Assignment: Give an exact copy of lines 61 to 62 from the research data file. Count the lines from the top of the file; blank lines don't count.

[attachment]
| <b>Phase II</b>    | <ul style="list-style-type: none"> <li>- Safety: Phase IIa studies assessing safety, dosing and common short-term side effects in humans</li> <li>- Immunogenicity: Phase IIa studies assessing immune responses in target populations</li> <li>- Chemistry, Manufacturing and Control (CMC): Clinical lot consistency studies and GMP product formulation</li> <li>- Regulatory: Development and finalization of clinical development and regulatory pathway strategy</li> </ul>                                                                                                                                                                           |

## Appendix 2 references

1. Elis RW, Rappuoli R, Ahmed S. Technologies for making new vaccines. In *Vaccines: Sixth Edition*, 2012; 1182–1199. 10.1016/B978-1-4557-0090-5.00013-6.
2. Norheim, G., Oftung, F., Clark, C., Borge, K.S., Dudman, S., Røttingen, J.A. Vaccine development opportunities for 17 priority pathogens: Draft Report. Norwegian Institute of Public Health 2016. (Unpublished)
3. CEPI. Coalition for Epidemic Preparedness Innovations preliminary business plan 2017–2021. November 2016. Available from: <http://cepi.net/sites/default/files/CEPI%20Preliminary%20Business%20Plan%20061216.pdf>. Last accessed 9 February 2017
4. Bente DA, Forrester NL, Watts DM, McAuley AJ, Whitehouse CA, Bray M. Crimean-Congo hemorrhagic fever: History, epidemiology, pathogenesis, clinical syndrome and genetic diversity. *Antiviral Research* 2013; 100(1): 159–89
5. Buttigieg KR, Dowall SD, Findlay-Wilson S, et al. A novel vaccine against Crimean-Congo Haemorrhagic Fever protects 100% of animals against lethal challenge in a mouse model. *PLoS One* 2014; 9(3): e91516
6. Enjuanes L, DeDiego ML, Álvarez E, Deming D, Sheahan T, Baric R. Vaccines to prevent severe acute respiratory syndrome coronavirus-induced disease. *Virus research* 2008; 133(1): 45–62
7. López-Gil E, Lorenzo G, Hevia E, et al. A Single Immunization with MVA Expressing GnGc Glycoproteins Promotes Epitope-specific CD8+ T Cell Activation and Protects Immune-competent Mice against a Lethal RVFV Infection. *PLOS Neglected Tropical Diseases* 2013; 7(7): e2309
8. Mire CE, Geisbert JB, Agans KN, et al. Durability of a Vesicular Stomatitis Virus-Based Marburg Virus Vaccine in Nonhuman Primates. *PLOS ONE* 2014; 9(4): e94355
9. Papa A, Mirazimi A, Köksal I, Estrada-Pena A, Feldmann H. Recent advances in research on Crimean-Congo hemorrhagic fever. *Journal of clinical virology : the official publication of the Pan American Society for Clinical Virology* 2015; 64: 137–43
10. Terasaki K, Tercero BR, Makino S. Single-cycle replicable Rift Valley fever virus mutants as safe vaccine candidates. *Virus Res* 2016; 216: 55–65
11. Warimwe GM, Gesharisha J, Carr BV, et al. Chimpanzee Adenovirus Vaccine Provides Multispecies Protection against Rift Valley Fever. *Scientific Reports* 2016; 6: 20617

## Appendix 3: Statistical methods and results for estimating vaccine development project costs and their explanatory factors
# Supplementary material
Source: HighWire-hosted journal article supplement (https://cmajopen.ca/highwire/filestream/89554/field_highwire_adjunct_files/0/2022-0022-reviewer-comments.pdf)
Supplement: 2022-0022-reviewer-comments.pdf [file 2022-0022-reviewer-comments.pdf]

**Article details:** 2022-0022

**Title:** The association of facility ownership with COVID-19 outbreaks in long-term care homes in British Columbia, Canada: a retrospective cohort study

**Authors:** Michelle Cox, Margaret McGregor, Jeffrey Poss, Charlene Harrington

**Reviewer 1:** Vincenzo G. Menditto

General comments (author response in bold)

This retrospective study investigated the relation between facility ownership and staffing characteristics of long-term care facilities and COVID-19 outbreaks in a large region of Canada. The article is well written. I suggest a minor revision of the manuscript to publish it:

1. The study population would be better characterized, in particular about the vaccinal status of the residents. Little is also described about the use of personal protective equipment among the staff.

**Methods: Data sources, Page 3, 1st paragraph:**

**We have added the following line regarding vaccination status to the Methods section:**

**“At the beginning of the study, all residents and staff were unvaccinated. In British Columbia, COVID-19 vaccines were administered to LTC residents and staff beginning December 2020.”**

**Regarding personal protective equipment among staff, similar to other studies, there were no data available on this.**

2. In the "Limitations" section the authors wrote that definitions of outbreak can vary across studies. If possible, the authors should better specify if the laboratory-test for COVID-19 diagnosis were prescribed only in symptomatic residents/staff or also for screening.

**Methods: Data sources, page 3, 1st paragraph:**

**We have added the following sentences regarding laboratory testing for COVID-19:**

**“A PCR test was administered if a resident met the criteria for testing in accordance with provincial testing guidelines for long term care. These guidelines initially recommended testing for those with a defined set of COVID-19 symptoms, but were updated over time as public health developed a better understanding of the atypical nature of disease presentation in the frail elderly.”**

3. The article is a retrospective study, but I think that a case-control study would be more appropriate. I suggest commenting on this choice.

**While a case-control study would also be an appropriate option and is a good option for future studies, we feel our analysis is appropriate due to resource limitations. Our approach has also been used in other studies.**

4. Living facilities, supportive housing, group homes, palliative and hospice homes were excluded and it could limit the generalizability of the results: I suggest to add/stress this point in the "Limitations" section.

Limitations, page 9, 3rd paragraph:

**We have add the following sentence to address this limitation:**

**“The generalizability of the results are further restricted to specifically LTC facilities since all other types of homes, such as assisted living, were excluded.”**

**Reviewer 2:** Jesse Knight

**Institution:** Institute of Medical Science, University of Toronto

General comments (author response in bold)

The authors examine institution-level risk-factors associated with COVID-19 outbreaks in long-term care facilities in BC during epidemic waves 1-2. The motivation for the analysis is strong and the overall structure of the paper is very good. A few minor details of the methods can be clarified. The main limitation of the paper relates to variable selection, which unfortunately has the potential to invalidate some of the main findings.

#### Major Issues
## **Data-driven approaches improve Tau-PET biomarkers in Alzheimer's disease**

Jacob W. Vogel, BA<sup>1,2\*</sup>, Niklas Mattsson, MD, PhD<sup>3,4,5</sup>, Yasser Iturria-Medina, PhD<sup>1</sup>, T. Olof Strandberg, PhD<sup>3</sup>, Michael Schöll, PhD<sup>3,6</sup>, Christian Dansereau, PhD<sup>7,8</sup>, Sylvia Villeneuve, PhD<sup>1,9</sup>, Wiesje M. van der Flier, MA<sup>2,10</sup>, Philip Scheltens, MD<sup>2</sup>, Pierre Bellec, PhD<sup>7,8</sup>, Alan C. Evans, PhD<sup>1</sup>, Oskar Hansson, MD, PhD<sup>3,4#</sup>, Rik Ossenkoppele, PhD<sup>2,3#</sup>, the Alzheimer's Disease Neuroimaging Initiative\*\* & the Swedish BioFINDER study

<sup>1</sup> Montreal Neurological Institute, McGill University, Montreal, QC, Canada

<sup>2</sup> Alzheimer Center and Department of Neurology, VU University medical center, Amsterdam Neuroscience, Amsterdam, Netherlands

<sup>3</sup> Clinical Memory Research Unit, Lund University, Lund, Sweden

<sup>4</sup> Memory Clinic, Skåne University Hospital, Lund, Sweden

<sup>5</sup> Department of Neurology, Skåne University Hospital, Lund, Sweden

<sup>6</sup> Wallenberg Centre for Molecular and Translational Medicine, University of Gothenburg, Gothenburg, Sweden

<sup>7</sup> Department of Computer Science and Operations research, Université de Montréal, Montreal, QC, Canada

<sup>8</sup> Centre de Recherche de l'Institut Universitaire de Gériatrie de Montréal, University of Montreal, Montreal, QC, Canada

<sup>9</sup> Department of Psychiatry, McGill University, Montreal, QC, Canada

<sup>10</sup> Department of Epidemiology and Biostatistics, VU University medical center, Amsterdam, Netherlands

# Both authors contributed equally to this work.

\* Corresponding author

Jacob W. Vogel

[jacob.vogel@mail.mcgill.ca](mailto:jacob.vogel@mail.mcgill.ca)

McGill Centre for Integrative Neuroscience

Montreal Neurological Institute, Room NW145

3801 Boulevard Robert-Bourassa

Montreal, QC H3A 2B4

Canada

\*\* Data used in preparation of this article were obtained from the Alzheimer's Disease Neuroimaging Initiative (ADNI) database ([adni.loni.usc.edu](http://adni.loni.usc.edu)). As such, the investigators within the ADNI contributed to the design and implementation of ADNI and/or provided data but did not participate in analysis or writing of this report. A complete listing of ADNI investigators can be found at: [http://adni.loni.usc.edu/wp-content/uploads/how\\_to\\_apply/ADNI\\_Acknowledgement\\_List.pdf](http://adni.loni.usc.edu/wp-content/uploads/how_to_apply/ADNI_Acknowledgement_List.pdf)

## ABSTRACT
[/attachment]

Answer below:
Montreal Neurological Institute, Room NW145

3801 Boulevard Robert-Bourassa